Who indeed is able to describe adequately Your deeds of might or proclaim the wondrous works you have performed at all times?
Our Church indeed calls us to stand in awe before our God. St. Basil shares with us the characteristics of our God when we pray:
You Who are without beginning, invisible, incomprehensible, unbounded and unchangeable
In light of these words, I would ask you to recall the challenge I gave you on the Weekend of the Prodigal Son, namely to assess your understanding of Who God is and to change that understanding to what God is as He as He has revealed Himself to be through the Church. When we really understand that we, as His creations, cannot change even one iota of His disposition toward us by our actions, we will begin to spiritually grow.
I truly believe that if we only see God as a Judge and an all-powerful being that demands we act a certain way or be punished, we can never respond to His love and can never truly become His children. We see that Jesus, despite the grave challenges He had to face, always thought of His Father as “Abba”, truly an affectionate term that expressed the fact the Jesus understood that the Father loved Him and that He, in turn, desired to voluntarily return the Father’s love. St. Basil, in the first prayer of the Anaphora, continues the prayer by addressing who the Son and Holy Spirit are. The prayer states that the Lord Jesus Christ is:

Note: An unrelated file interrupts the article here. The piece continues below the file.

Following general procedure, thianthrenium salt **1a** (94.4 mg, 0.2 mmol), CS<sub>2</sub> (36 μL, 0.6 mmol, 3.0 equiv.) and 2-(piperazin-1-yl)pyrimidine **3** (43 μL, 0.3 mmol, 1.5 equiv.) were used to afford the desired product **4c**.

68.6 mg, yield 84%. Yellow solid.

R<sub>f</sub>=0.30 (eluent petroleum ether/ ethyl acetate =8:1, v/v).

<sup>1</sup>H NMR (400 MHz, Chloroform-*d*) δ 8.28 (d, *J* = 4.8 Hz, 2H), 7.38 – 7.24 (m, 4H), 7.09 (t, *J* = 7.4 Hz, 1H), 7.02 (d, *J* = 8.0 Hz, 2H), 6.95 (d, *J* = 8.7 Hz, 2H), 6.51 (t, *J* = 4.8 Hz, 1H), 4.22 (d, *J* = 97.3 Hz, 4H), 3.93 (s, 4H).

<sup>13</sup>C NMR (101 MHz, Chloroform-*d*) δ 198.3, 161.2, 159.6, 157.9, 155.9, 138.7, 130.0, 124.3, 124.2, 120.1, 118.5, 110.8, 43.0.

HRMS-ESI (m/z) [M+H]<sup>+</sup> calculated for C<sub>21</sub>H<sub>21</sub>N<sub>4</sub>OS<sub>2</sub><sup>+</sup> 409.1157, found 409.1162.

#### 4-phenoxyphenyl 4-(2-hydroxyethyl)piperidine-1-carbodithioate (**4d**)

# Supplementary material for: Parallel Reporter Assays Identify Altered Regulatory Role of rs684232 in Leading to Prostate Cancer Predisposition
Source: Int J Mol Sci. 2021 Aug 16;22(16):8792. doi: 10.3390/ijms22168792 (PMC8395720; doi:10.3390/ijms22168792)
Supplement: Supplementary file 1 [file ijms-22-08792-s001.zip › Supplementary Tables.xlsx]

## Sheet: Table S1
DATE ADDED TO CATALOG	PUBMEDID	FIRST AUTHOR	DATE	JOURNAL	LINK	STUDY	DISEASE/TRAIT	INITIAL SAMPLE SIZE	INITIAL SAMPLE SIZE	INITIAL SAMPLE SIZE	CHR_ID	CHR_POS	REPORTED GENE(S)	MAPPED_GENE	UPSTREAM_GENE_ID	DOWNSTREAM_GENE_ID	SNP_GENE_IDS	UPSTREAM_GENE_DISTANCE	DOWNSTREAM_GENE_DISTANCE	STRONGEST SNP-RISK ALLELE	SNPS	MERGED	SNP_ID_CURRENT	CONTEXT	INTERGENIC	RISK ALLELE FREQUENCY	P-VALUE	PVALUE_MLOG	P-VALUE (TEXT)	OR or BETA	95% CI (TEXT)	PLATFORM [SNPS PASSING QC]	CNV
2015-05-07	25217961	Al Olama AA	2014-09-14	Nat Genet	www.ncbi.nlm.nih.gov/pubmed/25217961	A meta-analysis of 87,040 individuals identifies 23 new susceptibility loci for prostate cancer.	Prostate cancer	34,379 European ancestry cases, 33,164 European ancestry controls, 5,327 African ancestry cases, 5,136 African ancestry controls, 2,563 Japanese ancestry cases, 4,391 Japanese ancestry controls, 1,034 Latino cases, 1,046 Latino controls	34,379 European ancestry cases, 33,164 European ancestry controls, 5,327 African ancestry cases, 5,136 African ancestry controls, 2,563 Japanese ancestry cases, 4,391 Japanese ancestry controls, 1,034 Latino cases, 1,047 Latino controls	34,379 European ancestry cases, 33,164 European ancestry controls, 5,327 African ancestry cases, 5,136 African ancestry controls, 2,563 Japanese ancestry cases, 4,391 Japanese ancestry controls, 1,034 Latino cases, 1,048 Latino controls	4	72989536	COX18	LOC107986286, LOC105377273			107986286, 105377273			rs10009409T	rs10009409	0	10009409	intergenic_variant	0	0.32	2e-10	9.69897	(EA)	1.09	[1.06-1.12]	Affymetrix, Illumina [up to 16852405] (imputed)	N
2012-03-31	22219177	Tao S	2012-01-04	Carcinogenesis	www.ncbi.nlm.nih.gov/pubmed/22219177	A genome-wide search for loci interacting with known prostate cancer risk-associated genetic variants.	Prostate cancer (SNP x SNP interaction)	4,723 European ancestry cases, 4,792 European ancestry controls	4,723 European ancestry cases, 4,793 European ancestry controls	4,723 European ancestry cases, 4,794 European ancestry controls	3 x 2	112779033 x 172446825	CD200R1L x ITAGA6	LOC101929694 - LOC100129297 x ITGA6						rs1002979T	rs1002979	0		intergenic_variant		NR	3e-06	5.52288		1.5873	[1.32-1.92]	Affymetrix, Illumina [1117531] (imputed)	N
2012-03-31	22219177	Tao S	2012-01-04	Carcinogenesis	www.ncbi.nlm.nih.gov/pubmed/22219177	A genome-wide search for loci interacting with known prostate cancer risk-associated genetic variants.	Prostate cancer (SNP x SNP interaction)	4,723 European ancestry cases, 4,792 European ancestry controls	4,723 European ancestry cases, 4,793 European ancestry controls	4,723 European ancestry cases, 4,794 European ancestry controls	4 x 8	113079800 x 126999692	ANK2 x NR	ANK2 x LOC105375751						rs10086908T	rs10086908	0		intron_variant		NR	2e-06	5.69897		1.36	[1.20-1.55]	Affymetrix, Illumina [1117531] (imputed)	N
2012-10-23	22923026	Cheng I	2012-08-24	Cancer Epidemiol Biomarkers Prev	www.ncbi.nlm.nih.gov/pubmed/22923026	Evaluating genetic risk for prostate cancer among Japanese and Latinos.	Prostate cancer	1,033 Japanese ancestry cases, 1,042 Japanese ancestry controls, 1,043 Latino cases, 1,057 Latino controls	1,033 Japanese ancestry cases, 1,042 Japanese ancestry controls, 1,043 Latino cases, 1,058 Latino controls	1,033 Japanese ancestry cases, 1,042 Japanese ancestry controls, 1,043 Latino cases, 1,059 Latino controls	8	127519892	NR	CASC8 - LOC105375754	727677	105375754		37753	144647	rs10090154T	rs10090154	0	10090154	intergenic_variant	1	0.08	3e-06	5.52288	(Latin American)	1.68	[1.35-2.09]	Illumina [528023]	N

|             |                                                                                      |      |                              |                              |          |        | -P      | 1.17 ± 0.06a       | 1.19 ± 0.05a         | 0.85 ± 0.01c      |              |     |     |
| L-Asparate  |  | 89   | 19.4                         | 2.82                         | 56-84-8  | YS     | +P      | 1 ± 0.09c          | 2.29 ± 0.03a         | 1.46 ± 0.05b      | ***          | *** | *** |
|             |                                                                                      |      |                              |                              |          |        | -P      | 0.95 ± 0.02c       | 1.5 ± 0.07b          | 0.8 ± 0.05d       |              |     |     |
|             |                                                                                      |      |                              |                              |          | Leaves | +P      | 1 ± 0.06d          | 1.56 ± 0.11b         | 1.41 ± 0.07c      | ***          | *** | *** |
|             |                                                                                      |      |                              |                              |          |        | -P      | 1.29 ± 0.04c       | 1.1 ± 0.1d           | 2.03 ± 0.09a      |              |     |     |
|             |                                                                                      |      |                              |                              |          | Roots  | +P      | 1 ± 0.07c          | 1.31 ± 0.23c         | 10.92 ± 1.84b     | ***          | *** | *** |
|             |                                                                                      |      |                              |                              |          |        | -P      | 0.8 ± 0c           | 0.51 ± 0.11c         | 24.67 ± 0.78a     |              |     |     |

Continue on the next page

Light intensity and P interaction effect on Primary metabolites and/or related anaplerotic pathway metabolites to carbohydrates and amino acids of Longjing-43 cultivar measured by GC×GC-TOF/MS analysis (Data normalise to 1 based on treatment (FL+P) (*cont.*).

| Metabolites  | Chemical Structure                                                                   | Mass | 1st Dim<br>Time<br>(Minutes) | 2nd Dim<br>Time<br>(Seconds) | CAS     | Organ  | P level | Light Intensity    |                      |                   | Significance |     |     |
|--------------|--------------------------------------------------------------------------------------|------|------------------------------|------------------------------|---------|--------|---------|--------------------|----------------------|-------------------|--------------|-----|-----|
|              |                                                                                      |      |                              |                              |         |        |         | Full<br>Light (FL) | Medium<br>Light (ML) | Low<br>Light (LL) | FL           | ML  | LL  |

Great God and Redeemer, our hope, Who is the image of Your goodness, the seal of Your own likeness, showing You forth in Himself, O Father – the living Word, true God, eternal Wisdom, life, Sanctification, Power, the true light.
St. Basil then states that Jesus is the One through Whom
The Holy Spirit manifested Himself; the Spirit of truth, the gift of the adoption of Son, the pledge of our future inheritance, the first fruits of everlasting blessedness, the life-giving power, the found of sanctification, through Whom every creature possessed of reason and understanding is given the power to serve You (Father) and to send up to You an unending hymn of glory, because all things are Your subjects.